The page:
Enhancing children's lives through parent and teacher education.

The Parent You Want To Be

If you've been reading in these articles you have beguan to come up with ways to make yourself a more effective parent. Perhaps you've used some of the tools with success, and if so, congratulations. It's also possible that some of the tools have been difficult to implement...maybe you've read them, thought they'd be helpful, but in your rush to get the kids off to school that morning, you threw the paper out. Or maybe you just felt too tired and irritable that day to try something new, and yelling was easier and at least seemed to work -- after all the kids did do what you asked, albeit resentfully. Today I'd like to talk about some of the things which stand in the way of our being more effective, loving parents, with the hope that these insights will help you more successfully use the tools you will continue to read about here, or in other places.

Perhaps the most formidable obstacle which stands in our way as parents is our personal history. By that I mean the way we were raised by our own parents. Time and again, people come into my workshops and when asked why they're taking a parenting course, they say "Because I don't want to do it the way my parents did." Yet they find themselves confused and bewildered, because in spite of their best intentions, they hear the very things their parents said to them coming out of their own mouths when they talk to their own children. Why is that? Like it or not, the way our parents raised us is deeply ingrained in our subconscious. So deeply, in fact, that the memories may never even surface. When we are stressed or frustrated or tired, our brain automatically draws upon those hidden memories of the way we were raised, particularly if we have not learned an alternative way of disciplining or communicating with our children. Hence, we hear our mother or father's voice coming out of our mouths, yelling, punishing, belittling, or any one of a number of things we told ourselves we'd never do or say. Afterwards we may even go a step further and justify our behavior because we really feel a little guilty. We may say to ourselves, "Oh well, I turned out O.K., so my kids will too." And in justification, we perpetuate the cycle.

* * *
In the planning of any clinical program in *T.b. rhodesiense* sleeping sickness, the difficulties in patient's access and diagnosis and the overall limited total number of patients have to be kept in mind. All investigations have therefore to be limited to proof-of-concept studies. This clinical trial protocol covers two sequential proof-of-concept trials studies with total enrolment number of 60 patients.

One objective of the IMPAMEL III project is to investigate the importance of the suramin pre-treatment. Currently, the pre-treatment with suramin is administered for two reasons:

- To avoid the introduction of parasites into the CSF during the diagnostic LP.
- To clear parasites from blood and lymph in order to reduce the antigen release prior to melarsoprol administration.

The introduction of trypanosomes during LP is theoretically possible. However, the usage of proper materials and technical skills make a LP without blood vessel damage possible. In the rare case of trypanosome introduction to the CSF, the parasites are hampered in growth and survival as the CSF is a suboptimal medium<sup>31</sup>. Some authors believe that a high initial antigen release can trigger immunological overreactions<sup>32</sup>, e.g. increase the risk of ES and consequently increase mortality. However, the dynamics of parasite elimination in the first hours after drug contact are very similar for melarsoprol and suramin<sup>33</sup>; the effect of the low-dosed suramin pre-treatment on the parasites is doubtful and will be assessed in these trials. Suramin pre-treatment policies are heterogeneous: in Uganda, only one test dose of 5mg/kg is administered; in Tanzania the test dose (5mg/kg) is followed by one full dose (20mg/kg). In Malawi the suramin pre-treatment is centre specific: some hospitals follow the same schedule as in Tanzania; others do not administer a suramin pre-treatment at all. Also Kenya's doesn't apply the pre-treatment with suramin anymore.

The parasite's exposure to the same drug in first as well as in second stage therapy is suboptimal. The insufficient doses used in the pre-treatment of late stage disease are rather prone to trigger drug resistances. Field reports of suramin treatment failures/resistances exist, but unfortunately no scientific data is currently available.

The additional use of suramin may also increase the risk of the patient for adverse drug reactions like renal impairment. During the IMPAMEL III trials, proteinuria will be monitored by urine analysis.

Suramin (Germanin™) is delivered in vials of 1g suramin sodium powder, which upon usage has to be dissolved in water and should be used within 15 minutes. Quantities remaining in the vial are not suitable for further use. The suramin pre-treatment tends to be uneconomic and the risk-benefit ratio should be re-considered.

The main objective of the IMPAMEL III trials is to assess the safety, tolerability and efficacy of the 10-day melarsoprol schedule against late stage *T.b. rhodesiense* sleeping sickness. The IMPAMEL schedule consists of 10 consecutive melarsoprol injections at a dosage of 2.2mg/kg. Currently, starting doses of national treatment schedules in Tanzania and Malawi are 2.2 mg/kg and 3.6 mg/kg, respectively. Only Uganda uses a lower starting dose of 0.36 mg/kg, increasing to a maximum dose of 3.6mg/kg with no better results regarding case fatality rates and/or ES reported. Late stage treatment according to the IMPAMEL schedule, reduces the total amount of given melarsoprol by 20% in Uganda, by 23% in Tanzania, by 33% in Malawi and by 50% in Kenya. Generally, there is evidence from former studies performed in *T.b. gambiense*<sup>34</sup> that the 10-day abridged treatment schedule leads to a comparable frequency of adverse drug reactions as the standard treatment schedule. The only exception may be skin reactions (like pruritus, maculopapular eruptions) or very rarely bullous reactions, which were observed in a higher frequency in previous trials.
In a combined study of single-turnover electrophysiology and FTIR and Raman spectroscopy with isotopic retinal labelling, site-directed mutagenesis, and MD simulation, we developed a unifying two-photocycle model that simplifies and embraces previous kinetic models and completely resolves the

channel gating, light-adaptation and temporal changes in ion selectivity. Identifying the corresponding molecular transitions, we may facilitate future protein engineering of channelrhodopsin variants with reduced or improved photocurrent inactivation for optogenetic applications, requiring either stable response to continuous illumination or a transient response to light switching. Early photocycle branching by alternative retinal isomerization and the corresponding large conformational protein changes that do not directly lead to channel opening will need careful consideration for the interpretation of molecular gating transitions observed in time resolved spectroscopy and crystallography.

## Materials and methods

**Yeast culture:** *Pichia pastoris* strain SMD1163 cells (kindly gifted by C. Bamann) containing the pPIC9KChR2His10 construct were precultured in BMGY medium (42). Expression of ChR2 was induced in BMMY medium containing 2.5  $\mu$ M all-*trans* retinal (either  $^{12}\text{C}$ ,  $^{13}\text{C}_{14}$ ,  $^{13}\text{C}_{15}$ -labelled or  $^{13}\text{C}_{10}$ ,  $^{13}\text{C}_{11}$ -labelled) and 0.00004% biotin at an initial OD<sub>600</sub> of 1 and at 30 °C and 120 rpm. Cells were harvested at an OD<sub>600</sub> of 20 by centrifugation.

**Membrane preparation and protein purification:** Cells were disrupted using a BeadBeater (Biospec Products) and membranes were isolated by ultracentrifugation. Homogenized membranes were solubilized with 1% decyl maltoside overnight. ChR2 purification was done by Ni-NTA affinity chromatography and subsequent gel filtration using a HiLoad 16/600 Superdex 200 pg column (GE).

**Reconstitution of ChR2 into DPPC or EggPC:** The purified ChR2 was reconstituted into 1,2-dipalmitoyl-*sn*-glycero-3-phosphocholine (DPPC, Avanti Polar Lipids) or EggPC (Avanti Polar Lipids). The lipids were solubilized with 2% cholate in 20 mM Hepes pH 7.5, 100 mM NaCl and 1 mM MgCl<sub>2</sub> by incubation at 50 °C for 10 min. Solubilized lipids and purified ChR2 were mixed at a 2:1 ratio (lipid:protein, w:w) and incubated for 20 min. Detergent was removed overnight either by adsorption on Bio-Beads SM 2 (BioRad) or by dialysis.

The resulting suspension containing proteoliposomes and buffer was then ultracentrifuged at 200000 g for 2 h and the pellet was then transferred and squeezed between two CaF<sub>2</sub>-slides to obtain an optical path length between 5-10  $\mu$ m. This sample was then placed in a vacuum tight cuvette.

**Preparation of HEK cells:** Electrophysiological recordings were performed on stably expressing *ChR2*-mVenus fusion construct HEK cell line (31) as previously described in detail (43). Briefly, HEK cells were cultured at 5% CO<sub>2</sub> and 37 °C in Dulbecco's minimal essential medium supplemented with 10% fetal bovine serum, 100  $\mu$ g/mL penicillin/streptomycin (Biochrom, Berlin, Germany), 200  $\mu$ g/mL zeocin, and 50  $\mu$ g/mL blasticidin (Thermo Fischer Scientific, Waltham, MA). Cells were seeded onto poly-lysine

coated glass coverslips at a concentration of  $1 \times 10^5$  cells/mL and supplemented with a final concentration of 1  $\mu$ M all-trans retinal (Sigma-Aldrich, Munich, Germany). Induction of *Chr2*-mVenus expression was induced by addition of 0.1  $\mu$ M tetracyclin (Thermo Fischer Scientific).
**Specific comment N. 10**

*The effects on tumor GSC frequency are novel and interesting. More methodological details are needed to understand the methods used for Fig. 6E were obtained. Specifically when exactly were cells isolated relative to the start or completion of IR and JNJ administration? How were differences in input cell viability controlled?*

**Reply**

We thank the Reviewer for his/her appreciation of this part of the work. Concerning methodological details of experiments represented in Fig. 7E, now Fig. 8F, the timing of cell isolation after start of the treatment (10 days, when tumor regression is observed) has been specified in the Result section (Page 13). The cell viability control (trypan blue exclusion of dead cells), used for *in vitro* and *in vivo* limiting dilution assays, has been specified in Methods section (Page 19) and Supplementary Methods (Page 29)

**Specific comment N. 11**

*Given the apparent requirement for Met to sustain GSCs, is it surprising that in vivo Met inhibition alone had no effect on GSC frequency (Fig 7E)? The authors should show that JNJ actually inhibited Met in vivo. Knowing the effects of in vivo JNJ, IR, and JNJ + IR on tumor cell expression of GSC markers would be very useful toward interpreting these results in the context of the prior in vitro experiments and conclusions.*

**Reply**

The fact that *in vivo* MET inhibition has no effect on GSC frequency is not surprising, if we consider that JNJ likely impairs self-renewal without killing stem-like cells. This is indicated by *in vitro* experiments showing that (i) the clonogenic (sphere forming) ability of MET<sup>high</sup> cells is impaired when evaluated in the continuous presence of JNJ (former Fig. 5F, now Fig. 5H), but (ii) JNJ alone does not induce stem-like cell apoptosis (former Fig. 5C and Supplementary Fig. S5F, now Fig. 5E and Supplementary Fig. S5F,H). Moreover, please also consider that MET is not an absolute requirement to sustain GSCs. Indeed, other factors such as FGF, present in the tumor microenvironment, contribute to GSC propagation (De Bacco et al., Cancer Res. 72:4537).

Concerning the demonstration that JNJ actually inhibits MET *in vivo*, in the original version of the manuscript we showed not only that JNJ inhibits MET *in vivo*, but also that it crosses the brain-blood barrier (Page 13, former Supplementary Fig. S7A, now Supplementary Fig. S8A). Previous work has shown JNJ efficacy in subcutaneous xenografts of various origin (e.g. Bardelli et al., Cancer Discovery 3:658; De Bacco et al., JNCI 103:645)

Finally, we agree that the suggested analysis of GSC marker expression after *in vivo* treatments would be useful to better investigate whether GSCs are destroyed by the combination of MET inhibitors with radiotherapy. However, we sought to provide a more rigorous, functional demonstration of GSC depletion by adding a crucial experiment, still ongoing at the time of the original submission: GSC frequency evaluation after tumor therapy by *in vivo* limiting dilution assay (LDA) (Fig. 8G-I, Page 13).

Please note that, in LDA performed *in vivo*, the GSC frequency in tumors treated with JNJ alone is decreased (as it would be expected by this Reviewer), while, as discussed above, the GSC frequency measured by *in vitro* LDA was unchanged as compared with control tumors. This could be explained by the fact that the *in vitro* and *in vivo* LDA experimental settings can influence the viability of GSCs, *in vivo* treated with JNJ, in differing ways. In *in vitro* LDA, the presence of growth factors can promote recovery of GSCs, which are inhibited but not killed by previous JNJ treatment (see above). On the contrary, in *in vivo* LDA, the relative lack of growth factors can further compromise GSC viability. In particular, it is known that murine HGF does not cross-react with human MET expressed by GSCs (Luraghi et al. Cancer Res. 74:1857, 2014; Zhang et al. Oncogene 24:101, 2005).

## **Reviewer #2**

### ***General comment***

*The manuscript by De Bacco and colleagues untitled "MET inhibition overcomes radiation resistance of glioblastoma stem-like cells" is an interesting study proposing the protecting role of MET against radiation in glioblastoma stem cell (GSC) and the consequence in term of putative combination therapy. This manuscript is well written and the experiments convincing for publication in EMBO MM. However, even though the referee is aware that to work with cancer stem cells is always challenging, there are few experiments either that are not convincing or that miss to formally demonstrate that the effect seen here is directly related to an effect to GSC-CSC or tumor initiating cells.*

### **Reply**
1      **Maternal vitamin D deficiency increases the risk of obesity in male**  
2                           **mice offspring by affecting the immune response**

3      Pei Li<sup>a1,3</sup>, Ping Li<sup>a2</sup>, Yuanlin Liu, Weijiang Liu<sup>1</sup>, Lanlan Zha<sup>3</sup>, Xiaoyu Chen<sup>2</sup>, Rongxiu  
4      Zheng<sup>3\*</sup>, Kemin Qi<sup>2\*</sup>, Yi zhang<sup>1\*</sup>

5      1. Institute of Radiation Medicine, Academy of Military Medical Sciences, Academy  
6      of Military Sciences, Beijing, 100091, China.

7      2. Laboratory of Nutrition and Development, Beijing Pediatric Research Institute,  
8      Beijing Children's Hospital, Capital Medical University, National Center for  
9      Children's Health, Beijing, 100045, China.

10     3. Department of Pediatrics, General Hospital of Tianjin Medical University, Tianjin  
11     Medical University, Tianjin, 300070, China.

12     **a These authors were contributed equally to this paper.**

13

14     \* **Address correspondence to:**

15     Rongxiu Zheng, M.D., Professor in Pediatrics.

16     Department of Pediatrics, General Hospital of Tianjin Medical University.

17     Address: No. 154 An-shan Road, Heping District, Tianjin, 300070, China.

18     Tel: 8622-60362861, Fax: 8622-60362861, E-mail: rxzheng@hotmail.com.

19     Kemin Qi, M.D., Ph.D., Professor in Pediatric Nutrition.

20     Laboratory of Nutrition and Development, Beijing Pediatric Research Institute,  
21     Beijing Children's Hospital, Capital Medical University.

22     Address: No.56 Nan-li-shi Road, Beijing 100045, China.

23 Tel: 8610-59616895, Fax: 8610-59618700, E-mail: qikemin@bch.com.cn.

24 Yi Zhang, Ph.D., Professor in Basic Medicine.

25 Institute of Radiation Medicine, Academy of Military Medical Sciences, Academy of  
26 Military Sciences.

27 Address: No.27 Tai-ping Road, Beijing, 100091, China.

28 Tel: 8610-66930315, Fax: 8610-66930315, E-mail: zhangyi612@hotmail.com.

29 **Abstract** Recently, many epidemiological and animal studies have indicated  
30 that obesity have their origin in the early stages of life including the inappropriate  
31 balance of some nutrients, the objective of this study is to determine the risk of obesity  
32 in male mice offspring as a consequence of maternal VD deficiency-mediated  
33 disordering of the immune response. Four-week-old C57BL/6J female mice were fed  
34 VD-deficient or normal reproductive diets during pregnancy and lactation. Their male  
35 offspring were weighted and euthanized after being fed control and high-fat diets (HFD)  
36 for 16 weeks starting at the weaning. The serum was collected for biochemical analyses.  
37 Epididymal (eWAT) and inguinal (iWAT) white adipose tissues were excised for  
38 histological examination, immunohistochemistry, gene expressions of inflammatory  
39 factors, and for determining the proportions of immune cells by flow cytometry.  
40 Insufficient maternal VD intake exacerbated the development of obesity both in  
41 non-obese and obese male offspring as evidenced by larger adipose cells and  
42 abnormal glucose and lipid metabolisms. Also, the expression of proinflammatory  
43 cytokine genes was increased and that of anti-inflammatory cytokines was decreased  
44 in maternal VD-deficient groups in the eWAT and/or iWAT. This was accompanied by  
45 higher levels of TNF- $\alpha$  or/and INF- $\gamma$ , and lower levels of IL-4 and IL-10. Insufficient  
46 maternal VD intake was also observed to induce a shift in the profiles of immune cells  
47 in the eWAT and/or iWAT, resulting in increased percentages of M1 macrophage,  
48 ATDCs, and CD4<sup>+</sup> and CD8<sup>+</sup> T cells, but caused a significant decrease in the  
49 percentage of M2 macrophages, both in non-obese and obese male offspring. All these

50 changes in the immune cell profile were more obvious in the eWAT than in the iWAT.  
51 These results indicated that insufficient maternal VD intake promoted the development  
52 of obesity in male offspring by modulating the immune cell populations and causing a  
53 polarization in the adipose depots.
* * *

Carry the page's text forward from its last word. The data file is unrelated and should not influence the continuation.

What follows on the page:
Parenting today is a difficult task. More difficult than the one our parents faced. The widespread use of television, the availability of alcohol and drugs, these are the things which make parenting today different and more difficult for us than it was for our parents. Yet even with this knowledge, even knowing that the "old" ways won't do, even with our best intentions not to duplicate the parenting which we had, we continue to rely upon "instinct" and / or reacting the way our parents did and hoping that these old ways will get us (and our children) through it.